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February 12, 2019

Boosting domestic savings to break vicious debt cycle

Business

February 12, 2019

LAHORE: Pakistani middle class would have to strike a balance between consumption and conservation in the favour of the latter as one of our economy’s structural problems are very low saving and investment rates because the poor cannot economise even if they want to owing to the fact they barely survive on what they earn.

The country-wise data for regional economies reveal that the national savings rate as percentage of GDP in 1980 was 16.68 percent in Pakistan, 17.96 percent in India, 48.83 percent in China, 9.68 percent in Bangladesh, and 30.16 percent in Sri Lanka.

In the year 2000, it was still the same at 16.96 percent in Pakistan but increased to 23.22 percent in India, 36.83 percent in China, 22.74 percent in Bangladesh, though it declined to 20.66 percent in Sri Lanka. In 2014 the saving rate in Pakistan was very low at 11.82 percent compared to 30.01 percent in India, 49.97 percent in China, 30.29 percent in Bangladesh, and 26.86 percent in Sri Lanka. Current saving rate hovers around 30 percent in all regional economies but it is below 12 percent in Pakistan. This shows that as Pakistan's saving rates declined or stagnated its growth became suspect, while other regional economies experienced robust growth.

Domestic saving shields countries from the need to finance their investments from foreign countries and donors. Countries having low national saving rates depend on foreign assistance for development and investment. This is the reason during high foreign inflows into Pakistan the GDP growth surges and goes down when inflows ebb.

The lopsided growth in Pakistan had an adverse impact on its per capita income. In fact Pakistan had the highest per capita income in the entire region. In the year 1980 the per capita income in Pakistan was $296, while it was $271 in India, $193 in China, $219 in Bangladesh, and $272 in Sri Lanka, according to World Bank statistics.

Even at the start of this century we were ahead of both Bangladesh and India. In 2000, Pakistan’s per capita income increased to $514, per capita income was $457 in India, $949 in China, $356 in Bangladesh and $854 in Sri Lanka. It means that in two decades China and Sri Lanka overtook Pakistan by a large margin.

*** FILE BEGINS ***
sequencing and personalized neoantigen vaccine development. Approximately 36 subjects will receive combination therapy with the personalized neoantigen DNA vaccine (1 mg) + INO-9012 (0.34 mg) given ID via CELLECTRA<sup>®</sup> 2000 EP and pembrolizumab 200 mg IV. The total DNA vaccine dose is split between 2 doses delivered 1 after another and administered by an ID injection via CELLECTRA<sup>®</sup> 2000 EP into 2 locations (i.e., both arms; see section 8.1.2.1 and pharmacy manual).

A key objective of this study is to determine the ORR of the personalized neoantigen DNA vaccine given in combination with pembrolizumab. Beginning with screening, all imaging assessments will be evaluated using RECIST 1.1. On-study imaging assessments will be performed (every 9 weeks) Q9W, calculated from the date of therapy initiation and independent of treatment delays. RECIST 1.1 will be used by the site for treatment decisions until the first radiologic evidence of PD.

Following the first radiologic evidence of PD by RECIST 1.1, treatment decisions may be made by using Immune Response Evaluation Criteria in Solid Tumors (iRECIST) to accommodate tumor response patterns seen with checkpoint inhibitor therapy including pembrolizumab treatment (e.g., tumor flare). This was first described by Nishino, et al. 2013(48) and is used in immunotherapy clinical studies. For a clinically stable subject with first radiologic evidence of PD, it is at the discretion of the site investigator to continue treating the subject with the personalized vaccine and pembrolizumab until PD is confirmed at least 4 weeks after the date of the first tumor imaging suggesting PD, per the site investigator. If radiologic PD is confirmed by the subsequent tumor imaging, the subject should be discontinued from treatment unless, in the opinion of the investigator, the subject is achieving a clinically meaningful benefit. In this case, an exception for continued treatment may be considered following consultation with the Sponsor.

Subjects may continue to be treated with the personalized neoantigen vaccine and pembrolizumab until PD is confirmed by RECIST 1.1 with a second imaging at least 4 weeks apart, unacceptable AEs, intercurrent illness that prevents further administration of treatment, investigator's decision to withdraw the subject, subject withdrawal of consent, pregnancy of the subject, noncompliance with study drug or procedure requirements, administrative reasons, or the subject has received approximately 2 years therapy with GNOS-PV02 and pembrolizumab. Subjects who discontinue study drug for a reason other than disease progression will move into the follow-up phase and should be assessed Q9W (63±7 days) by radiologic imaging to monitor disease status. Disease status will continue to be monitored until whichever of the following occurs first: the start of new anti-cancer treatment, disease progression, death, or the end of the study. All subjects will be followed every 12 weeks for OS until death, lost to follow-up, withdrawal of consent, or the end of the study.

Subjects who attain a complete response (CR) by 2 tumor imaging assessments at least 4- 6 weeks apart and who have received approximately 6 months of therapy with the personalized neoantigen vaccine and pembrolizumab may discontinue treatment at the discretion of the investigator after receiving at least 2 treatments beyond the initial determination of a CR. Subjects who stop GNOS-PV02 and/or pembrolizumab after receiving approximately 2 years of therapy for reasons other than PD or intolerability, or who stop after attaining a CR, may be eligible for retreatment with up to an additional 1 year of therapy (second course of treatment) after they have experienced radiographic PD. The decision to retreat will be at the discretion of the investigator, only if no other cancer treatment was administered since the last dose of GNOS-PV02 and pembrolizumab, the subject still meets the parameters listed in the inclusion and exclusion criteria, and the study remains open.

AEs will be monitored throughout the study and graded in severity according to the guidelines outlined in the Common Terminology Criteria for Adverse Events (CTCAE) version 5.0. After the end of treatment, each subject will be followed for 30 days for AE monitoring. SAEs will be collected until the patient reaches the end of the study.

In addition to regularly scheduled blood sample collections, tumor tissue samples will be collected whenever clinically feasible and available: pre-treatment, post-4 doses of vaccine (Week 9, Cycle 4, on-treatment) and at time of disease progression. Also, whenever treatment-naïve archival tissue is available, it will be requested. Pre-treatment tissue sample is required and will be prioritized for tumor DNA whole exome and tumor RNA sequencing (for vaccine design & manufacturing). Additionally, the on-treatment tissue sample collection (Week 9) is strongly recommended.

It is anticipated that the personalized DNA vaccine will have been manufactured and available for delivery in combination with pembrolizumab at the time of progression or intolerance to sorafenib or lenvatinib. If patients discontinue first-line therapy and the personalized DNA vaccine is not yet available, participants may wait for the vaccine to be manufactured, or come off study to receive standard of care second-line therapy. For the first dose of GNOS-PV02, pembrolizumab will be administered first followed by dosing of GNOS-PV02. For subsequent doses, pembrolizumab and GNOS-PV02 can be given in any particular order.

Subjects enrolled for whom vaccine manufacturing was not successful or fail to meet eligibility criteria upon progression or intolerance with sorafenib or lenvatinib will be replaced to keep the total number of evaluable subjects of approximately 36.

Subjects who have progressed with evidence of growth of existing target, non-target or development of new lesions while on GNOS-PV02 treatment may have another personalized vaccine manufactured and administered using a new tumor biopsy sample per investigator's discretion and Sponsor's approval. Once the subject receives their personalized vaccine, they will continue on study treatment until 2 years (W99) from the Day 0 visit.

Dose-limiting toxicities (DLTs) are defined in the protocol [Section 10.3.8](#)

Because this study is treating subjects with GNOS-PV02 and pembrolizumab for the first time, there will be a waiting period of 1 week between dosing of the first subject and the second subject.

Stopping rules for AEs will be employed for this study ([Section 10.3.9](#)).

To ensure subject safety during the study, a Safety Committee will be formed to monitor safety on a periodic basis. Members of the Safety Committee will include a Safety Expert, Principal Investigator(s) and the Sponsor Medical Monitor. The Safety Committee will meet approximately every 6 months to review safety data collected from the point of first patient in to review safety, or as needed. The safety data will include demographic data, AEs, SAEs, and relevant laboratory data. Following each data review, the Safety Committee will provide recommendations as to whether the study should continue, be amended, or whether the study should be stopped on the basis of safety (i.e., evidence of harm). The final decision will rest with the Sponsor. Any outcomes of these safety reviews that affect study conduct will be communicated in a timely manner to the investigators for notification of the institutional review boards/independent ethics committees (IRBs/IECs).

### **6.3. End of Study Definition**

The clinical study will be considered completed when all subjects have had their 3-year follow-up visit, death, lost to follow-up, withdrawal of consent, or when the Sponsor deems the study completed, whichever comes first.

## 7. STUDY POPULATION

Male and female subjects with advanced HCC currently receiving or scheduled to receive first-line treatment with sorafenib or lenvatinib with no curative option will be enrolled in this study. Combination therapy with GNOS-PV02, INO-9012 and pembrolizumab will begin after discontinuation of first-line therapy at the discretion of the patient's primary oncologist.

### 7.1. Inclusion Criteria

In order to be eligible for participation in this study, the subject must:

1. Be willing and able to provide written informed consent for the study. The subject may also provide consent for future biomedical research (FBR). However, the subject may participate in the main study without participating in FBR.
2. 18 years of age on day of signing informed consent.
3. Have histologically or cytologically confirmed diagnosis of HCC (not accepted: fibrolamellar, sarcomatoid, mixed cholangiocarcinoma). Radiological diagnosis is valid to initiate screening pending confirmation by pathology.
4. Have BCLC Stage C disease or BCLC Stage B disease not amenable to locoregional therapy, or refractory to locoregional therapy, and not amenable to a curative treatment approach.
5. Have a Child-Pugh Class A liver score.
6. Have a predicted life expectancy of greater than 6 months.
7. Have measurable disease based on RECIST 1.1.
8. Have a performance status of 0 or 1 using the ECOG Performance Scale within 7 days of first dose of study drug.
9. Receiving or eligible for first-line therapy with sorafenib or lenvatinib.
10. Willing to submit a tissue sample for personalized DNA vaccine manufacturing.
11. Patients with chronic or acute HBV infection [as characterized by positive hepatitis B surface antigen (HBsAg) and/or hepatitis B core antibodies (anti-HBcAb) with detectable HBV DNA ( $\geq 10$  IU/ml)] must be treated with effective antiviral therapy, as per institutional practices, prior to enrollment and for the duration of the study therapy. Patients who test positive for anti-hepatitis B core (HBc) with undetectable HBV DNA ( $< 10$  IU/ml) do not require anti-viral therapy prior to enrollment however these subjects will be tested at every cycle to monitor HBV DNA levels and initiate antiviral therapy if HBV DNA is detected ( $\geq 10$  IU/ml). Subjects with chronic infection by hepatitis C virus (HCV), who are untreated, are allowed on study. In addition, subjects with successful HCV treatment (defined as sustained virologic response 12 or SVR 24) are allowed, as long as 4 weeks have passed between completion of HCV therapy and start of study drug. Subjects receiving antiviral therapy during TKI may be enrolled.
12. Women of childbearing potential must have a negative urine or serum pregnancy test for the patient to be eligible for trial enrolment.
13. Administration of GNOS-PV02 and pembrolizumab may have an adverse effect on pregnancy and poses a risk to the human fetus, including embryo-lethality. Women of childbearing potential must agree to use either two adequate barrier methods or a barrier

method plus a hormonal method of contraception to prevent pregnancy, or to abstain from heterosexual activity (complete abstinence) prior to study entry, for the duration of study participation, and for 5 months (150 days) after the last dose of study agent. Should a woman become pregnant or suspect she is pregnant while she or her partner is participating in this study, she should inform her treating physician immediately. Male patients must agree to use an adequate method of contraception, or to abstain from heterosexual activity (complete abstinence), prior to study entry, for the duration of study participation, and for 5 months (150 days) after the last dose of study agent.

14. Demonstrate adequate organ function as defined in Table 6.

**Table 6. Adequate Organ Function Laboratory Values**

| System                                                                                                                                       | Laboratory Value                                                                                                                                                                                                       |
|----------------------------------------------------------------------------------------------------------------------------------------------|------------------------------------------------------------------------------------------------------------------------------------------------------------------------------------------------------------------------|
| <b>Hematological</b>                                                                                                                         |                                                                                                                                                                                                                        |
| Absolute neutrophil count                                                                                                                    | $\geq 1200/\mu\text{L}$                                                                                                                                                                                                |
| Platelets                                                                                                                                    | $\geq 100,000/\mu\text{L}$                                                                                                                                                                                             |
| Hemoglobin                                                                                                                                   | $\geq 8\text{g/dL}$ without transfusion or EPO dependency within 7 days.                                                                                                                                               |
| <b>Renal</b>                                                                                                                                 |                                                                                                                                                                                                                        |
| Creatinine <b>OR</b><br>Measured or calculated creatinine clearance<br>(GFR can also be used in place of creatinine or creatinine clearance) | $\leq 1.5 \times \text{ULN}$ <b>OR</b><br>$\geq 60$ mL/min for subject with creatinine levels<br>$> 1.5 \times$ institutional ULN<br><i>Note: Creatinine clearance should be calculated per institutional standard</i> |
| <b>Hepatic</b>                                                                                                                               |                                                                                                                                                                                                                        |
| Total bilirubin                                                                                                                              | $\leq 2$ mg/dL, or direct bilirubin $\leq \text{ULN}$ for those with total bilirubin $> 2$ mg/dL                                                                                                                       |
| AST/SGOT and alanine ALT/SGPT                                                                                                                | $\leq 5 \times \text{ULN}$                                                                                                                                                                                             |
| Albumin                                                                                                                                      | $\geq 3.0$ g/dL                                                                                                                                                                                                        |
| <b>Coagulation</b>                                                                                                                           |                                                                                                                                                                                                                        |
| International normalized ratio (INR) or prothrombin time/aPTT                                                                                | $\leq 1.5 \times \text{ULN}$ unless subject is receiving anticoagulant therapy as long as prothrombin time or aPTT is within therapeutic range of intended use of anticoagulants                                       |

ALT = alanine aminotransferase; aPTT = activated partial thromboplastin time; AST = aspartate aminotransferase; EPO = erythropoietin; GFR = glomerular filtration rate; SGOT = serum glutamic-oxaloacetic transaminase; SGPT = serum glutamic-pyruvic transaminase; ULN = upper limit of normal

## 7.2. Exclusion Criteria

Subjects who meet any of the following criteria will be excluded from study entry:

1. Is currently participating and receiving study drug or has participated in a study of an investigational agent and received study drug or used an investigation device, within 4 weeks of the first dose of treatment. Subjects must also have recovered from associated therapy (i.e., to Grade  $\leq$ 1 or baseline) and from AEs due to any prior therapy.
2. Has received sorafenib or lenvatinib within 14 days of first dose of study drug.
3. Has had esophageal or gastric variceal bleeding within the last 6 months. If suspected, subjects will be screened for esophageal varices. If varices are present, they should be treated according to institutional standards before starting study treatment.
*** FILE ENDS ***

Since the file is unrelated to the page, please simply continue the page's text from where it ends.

In 2013, per capita income was $1,275 in Pakistan, $1,498 in India, $6,807 in China, $957 in Bangladesh, and $3,279 in Sri Lanka. So five years back we were ahead of Bangladesh only. In 2016-17 even Bangladesh left us behind. All the four economies in review are posting sustained growth and the income gap between them and Pakistan is rapidly widening.

This depicts that other economies continued to gain over Pakistan in prosperity in last 40 years. The deteriorating governance during this period contributed to weakening of all regulatory institutions and state service delivery that impacted the wellbeing of its people.

In 1980, the exports of goods and services as percentage of GDP was 12.5 percent in Pakistan, 6 percent in India, 8.4 percent in China, 5.5 percent in Bangladesh, and 32.2 percent in Sri Lanka. In 1980, exports of Pakistan as percentage of its GDP were highest after Sri Lanka. In the year 2000, it was 13.4 percent in Pakistan, 12.8 percent in India, 23.8 percent in China, 14 percent in Bangladesh, and 39.5 percent in Sri Lanka. This means that when the regional economies were multiplying their exports there was stagnancy in Pakistan.

In 2013, Pakistan’s export as percentage of its GDP declined nominally to 13.2 percent maintaining the stagnancy exhibited in earlier decades. India’s exports as percentage of its GDP doubled from 12.4 percent in 2000 to 24.8 percent in same year.

Exports from China increased to 26.4 percent of its GDP, while Bangladesh saw its exports step up to 19.5 percent of its GDP almost a fourfold increase from 5.5 percent in 1980. Sri Lanka’s exports as percentage of its GDP stood at 22.5 percent in 2013. Currently our exports are only 8 percent of our GDP. The exports as percentage of GDP have increased in all economies except China that saw a nominal decline.

Exports are the main source of reducing poverty in developing countries. Labour-intensive jobs are transferred to developing economies as the higher wages make manufacturing in developed economies unviable.

The jobs created alleviate poverty and it did reduce at a very high pace in China, India, and Bangladesh during 1980-2013 than Pakistan, where it is, in fact, at a higher level than it was in the 1980s.

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